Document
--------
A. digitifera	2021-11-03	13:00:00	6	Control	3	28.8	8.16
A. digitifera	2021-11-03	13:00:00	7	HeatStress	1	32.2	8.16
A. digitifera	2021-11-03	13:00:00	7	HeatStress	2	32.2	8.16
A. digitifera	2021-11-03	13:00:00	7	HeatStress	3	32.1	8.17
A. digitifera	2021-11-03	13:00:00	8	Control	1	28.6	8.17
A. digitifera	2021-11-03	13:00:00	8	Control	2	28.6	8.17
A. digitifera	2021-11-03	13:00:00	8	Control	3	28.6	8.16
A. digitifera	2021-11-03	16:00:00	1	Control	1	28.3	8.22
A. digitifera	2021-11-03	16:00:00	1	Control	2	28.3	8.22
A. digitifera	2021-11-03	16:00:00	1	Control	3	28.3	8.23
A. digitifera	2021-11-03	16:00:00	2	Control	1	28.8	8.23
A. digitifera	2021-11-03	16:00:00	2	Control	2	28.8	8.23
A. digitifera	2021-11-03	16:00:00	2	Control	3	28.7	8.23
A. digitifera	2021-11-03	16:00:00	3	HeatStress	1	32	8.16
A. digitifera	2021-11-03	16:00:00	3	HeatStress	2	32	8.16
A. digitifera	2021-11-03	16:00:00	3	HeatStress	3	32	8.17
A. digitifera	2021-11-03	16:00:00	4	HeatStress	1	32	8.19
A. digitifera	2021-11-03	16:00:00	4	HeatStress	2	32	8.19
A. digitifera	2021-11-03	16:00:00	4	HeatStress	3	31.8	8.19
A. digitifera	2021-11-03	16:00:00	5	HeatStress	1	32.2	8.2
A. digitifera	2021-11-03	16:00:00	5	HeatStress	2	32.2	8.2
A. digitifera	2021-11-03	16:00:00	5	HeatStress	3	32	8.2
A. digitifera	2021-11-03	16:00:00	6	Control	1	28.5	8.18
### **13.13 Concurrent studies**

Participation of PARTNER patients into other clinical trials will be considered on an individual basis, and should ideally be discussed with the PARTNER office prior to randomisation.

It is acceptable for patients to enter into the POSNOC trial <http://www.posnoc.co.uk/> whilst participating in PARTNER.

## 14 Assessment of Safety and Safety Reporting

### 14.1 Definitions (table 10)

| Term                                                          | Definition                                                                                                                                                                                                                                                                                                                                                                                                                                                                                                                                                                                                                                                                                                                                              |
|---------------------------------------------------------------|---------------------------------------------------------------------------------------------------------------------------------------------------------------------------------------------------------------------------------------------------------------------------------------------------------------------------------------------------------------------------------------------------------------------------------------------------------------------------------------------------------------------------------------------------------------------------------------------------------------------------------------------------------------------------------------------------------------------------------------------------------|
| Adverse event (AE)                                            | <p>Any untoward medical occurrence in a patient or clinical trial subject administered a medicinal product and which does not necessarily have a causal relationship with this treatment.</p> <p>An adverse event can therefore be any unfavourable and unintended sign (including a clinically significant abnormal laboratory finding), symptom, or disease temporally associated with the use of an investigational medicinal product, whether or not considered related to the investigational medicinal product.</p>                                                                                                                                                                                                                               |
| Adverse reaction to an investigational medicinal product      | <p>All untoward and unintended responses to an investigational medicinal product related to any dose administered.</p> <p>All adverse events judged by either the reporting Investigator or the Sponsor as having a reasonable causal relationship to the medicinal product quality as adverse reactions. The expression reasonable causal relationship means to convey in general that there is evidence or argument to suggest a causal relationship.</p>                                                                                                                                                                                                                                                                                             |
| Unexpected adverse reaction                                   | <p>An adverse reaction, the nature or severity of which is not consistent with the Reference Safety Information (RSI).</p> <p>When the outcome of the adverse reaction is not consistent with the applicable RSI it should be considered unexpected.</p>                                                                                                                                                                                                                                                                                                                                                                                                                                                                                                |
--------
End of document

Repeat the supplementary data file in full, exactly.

A. digitifera	2021-11-03	13:00:00	6	Control	3	28.8	8.16
A. digitifera	2021-11-03	13:00:00	7	HeatStress	1	32.2	8.16
A. digitifera	2021-11-03	13:00:00	7	HeatStress	2	32.2	8.16
A. digitifera	2021-11-03	13:00:00	7	HeatStress	3	32.1	8.17
A. digitifera	2021-11-03	13:00:00	8	Control	1	28.6	8.17
A. digitifera	2021-11-03	13:00:00	8	Control	2	28.6	8.17
A. digitifera	2021-11-03	13:00:00	8	Control	3	28.6	8.16
A. digitifera	2021-11-03	16:00:00	1	Control	1	28.3	8.22
A. digitifera	2021-11-03	16:00:00	1	Control	2	28.3	8.22
A. digitifera	2021-11-03	16:00:00	1	Control	3	28.3	8.23
A. digitifera	2021-11-03	16:00:00	2	Control	1	28.8	8.23
A. digitifera	2021-11-03	16:00:00	2	Control	2	28.8	8.23
A. digitifera	2021-11-03	16:00:00	2	Control	3	28.7	8.23
A. digitifera	2021-11-03	16:00:00	3	HeatStress	1	32	8.16
A. digitifera	2021-11-03	16:00:00	3	HeatStress	2	32	8.16
A. digitifera	2021-11-03	16:00:00	3	HeatStress	3	32	8.17
A. digitifera	2021-11-03	16:00:00	4	HeatStress	1	32	8.19
A. digitifera	2021-11-03	16:00:00	4	HeatStress	2	32	8.19
A. digitifera	2021-11-03	16:00:00	4	HeatStress	3	31.8	8.19
A. digitifera	2021-11-03	16:00:00	5	HeatStress	1	32.2	8.2
A. digitifera	2021-11-03	16:00:00	5	HeatStress	2	32.2	8.2
A. digitifera	2021-11-03	16:00:00	5	HeatStress	3	32	8.2
A. digitifera	2021-11-03	16:00:00	6	Control	1	28.5	8.18
### **13.13 Concurrent studies**

Participation of PARTNER patients into other clinical trials will be considered on an individual basis, and should ideally be discussed with the PARTNER office prior to randomisation.

It is acceptable for patients to enter into the POSNOC trial <http://www.posnoc.co.uk/> whilst participating in PARTNER.

## 14 Assessment of Safety and Safety Reporting

### 14.1 Definitions (table 10)

| Term                                                          | Definition                                                                                                                                                                                                                                                                                                                                                                                                                                                                                                                                                                                                                                                                                                                                              |
|---------------------------------------------------------------|---------------------------------------------------------------------------------------------------------------------------------------------------------------------------------------------------------------------------------------------------------------------------------------------------------------------------------------------------------------------------------------------------------------------------------------------------------------------------------------------------------------------------------------------------------------------------------------------------------------------------------------------------------------------------------------------------------------------------------------------------------|
| Adverse event (AE)                                            | <p>Any untoward medical occurrence in a patient or clinical trial subject administered a medicinal product and which does not necessarily have a causal relationship with this treatment.</p> <p>An adverse event can therefore be any unfavourable and unintended sign (including a clinically significant abnormal laboratory finding), symptom, or disease temporally associated with the use of an investigational medicinal product, whether or not considered related to the investigational medicinal product.</p>                                                                                                                                                                                                                               |
| Adverse reaction to an investigational medicinal product      | <p>All untoward and unintended responses to an investigational medicinal product related to any dose administered.</p> <p>All adverse events judged by either the reporting Investigator or the Sponsor as having a reasonable causal relationship to the medicinal product quality as adverse reactions. The expression reasonable causal relationship means to convey in general that there is evidence or argument to suggest a causal relationship.</p>                                                                                                                                                                                                                                                                                             |
| Unexpected adverse reaction                                   | <p>An adverse reaction, the nature or severity of which is not consistent with the Reference Safety Information (RSI).</p> <p>When the outcome of the adverse reaction is not consistent with the applicable RSI it should be considered unexpected.</p>                                                                                                                                                                                                                                                                                                                                                                                                                                                                                                |